According to the first aspect of the present invention, displacement of the focal point of the light beam is measured in advance by moving the recording head parallel to the axis of the rotating drum while rotating the rotating drum after the device of the present embodiment is assembled. Then, based on the displacement of the focal point of the light beam, the data for compensating the displacement of the optical unit in the direction of the optical axis is prepared and stored in the memory.

The focal point adjusting mechanism is controlled so as to correct the focal point based on the data for compensating the displacement in the direction of the optical axis.

In the first aspect of the present invention, because the displacement of the focal length is measured in advance after the device is assembled, correction of the focal point can, to some extent, be conducted. Although the accuracy of the correction in the first aspect of the present invention is lower than that of real-time correction, (in which the displacement of the focal point is measured and corrected for each scan-exposing) displacements in focal points can be sufficiently compensated using a simple structure while maintaining image quality.

The first aspect of the present invention may further include a non-image recording area recognizing means which recognizes a non-image recording area on the rotating drum based on the rotational position of the rotating drum detected by the rotational position detector. In this case, the focal point is corrected when the recording head faces the non-image recording area for each predetermined number of rotations.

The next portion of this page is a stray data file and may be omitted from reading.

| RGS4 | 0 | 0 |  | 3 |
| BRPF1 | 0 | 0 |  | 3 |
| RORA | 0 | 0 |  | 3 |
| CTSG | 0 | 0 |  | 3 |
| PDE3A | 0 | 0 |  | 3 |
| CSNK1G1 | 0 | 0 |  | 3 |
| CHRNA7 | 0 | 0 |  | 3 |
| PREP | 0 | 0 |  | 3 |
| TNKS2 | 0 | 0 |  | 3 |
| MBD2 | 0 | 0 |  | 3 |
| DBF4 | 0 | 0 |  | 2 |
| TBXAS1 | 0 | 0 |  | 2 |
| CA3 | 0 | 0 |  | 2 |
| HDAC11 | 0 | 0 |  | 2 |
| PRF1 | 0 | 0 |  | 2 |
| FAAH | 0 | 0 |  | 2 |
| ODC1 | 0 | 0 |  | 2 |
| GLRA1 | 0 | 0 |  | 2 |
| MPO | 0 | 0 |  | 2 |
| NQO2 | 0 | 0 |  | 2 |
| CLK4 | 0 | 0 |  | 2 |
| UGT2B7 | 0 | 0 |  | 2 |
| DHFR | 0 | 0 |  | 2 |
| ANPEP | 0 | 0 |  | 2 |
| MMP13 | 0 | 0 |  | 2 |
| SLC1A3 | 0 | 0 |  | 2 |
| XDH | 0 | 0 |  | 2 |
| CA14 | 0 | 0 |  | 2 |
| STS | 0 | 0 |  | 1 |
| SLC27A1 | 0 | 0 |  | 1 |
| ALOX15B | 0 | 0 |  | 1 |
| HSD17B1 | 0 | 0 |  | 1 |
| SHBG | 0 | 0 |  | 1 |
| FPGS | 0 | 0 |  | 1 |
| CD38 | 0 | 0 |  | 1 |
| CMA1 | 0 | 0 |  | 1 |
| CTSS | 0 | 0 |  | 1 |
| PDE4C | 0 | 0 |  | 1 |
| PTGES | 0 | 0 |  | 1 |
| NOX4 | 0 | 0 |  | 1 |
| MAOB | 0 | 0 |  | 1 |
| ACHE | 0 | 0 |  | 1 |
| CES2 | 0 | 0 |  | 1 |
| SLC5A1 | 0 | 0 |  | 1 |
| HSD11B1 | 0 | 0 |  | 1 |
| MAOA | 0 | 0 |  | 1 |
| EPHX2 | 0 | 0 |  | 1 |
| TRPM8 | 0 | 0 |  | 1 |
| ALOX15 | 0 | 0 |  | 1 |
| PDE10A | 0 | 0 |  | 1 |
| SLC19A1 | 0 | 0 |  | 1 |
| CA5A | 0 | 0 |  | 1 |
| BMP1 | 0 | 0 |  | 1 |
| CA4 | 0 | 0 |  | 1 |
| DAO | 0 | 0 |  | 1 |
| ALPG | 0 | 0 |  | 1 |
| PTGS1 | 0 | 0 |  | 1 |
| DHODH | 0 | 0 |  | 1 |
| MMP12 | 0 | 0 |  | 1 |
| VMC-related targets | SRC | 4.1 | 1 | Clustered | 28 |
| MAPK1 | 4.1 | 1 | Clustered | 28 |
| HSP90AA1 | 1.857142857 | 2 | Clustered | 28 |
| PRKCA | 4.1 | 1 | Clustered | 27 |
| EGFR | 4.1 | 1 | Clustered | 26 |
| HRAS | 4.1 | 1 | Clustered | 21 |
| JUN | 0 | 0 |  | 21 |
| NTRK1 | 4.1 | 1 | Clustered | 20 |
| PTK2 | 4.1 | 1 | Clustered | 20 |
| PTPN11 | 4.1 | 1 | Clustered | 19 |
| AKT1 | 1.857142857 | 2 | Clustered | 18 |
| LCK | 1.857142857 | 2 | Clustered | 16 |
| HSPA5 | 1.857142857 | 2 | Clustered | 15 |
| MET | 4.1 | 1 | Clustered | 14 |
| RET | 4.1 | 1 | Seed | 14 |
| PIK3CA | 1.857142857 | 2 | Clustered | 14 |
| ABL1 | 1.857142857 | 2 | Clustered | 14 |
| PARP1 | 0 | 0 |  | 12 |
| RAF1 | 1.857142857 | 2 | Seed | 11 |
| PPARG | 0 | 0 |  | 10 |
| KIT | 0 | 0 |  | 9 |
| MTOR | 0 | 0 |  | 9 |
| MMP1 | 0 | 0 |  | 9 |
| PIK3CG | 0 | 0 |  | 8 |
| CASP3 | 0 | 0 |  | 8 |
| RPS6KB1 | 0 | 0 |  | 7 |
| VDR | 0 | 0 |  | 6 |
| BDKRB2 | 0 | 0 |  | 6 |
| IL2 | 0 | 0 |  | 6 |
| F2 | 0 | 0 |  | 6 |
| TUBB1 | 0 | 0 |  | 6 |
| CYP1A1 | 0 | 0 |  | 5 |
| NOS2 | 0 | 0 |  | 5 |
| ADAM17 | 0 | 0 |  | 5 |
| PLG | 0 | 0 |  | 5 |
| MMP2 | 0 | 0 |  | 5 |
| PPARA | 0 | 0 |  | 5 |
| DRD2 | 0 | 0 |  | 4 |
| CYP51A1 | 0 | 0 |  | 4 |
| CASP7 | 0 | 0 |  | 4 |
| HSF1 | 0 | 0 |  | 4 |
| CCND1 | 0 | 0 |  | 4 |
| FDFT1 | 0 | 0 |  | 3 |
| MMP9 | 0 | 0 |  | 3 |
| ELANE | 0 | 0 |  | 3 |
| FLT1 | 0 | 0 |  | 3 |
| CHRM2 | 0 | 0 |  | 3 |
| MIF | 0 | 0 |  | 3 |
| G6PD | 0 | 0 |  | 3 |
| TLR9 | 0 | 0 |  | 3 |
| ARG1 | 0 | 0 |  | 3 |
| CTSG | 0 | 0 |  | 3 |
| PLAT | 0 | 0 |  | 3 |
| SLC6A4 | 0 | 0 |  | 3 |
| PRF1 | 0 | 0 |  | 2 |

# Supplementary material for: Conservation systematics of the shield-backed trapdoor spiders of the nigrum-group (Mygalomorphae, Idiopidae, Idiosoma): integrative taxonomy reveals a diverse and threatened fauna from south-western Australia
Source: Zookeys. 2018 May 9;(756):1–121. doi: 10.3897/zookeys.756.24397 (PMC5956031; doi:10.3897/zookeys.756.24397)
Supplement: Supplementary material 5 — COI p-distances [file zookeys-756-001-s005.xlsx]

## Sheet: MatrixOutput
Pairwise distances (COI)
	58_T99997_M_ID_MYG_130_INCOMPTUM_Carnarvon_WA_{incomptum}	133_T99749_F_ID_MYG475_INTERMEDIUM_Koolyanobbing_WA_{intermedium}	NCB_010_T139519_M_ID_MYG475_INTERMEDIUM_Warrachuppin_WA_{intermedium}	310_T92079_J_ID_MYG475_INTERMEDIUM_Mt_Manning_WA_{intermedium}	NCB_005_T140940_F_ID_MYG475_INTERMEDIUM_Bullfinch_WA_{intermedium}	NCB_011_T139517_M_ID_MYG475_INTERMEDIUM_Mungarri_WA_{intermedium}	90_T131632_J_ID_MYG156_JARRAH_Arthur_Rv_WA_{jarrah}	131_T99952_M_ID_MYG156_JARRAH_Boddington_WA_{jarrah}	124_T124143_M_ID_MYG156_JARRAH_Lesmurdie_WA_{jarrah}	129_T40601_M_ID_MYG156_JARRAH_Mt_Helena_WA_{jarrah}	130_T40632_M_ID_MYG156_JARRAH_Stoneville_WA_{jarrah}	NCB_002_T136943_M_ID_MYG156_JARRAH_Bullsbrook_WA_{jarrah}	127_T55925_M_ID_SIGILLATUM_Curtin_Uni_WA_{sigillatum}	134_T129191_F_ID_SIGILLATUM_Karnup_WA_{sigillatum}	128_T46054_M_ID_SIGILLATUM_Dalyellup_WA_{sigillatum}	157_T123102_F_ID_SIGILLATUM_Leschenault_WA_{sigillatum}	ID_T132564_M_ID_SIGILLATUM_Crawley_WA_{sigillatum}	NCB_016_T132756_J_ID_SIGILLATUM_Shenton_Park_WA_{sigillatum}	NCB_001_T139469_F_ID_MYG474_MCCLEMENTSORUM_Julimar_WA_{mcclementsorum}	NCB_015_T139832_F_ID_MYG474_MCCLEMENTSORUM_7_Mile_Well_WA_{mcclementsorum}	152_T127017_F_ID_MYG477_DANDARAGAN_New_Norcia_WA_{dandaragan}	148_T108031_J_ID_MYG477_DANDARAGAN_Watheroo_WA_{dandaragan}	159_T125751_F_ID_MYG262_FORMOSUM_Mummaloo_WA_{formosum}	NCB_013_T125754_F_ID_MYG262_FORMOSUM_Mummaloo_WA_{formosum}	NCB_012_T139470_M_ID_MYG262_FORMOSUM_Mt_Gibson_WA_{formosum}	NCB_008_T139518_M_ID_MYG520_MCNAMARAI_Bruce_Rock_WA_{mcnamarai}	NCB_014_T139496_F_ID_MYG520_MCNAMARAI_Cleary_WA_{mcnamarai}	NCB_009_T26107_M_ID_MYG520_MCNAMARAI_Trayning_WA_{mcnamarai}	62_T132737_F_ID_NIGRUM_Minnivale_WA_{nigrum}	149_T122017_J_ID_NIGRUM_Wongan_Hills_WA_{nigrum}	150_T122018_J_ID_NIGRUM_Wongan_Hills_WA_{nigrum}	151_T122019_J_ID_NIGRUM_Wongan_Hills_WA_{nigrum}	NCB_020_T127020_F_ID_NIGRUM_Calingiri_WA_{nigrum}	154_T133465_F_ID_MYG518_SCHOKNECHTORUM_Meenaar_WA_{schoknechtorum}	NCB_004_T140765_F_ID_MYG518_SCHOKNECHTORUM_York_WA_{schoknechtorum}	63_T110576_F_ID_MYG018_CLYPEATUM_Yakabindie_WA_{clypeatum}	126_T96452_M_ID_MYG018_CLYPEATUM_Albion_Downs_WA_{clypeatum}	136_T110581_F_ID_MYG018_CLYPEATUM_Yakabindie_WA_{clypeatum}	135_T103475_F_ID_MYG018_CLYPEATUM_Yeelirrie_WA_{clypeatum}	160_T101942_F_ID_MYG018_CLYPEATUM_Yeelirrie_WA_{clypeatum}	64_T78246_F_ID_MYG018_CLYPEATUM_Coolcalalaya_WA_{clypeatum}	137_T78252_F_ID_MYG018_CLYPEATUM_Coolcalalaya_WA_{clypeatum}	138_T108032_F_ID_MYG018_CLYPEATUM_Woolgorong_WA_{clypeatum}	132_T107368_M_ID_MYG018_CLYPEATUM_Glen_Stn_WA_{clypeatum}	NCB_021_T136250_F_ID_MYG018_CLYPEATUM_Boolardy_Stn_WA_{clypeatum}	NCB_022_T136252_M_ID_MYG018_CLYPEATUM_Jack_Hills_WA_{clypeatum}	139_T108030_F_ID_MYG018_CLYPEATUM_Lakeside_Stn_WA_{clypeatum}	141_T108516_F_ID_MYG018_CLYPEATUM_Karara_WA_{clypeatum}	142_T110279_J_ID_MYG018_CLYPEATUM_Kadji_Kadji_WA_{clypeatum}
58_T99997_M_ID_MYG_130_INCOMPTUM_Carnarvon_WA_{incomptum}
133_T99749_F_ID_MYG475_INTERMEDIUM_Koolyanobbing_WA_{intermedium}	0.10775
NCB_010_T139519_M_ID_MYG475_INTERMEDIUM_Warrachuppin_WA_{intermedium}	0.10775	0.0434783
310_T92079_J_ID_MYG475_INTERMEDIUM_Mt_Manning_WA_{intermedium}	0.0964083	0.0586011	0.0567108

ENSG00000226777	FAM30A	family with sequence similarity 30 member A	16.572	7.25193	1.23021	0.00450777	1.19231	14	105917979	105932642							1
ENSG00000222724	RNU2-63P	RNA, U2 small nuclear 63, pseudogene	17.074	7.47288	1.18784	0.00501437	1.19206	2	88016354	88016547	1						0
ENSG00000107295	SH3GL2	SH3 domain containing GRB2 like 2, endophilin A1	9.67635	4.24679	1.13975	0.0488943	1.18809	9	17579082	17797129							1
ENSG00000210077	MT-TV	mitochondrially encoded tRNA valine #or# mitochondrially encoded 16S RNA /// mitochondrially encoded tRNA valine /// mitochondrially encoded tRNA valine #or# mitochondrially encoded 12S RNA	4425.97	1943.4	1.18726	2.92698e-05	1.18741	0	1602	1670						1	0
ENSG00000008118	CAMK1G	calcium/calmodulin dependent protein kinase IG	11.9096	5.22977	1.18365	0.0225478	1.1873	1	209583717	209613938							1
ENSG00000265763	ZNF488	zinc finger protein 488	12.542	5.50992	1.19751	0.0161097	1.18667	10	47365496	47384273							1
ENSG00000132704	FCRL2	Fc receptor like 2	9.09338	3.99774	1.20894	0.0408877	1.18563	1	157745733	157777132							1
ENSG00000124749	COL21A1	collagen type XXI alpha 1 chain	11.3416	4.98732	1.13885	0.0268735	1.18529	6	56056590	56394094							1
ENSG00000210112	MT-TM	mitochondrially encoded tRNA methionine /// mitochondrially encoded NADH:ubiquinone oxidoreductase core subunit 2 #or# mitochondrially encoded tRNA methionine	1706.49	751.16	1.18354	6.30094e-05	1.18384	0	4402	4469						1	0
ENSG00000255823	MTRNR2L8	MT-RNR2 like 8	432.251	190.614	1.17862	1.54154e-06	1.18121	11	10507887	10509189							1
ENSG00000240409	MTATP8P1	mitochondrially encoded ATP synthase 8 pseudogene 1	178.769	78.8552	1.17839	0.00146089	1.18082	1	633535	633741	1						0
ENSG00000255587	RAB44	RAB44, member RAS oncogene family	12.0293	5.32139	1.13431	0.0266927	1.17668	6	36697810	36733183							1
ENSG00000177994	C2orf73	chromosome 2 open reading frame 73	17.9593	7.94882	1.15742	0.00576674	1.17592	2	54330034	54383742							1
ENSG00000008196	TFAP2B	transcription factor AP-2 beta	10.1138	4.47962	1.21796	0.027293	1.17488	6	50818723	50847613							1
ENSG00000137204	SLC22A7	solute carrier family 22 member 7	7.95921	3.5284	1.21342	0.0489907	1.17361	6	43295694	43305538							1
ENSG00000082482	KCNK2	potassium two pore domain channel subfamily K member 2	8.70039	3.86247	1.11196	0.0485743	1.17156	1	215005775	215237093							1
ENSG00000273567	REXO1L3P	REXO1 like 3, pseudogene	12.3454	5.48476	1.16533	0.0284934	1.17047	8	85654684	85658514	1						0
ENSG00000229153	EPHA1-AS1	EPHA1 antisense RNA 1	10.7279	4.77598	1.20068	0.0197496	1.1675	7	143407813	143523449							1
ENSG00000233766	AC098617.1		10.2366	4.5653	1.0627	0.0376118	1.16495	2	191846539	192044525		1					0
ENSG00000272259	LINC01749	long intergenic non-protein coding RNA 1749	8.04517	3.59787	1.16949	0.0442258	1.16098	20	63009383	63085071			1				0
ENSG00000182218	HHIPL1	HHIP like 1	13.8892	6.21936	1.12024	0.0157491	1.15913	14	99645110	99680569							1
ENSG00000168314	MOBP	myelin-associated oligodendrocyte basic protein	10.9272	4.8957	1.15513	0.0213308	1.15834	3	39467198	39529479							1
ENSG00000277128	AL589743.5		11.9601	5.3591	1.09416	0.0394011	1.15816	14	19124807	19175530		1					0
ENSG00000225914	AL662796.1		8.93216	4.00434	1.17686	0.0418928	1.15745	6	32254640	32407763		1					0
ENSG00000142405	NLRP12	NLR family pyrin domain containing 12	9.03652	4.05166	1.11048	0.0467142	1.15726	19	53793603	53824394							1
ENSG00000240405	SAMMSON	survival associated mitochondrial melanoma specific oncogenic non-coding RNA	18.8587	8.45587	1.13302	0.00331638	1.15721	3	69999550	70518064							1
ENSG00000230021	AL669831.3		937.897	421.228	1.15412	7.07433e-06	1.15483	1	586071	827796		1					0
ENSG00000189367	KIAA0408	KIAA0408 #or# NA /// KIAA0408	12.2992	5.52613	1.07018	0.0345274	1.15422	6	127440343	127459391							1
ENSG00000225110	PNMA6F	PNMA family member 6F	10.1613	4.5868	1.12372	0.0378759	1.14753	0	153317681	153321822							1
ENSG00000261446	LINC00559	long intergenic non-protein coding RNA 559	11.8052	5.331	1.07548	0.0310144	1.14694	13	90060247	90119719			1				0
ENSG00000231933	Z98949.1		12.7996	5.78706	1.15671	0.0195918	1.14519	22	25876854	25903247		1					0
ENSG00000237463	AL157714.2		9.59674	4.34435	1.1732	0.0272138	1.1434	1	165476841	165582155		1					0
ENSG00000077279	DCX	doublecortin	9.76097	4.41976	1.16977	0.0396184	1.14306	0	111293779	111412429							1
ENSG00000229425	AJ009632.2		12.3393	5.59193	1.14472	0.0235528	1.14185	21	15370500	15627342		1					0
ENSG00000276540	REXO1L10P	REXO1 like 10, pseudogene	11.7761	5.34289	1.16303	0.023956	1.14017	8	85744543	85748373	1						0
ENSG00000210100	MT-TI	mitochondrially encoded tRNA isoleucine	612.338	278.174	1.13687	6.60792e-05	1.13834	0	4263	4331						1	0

When an image is recorded, the non-image recording area on the rotating drum is recognized based on the rotational position of the drum, which is detected by the rotational position detector. Because the sheet-like recording material is held by, for example, chucks at both leading and trailing ends thereof, the peripheral surface of the rotating drum has non-image recording areas which include at least the portions where the chucks are provided. The focal point adjusting mechanism is controlled so as to adjust the focal point based on the data for compensating the displacement in the direction of the optical axis on the non-image recording area for each predetermined number of rotation of the rotating drum.

Further, the focal point adjusting mechanism may adjust the focal point by changing the relative position of the entire optical unit in relation to the rotating drum.

In this case, because the entire optical unit is moved to change the position relative to the rotating drum, it becomes unnecessary to consider variation or deformation in the focal spot diameter. Thus the image quality can be stabilized as compared to a case in which the focal length is adjusted by moving a part of the lenses in the optical unit.

The image recording device of the first aspect of the present invention may further include a temperature detector provided on or near the recording head. In this case, a correction coefficient based on temperature readings detected by the temperature detector supplements the data for compensating the displacement of the optical unit in the direction of the optical axis.

During operation, the temperature may change in the vicinity of the recording head. When the detected temperature differs from that preset in the data for compensating the displacement of the optical unit in the direction of the optical axis, the difference may be used as a correction coefficient and calculated in the data to make the correction even more accurate.

BRIEF DESCRIPTION OF THE DRAWINGS

FIG. 1 is a schematic view of a device for automatically exposing printing plate precursors relating to a first embodiment of the present invention.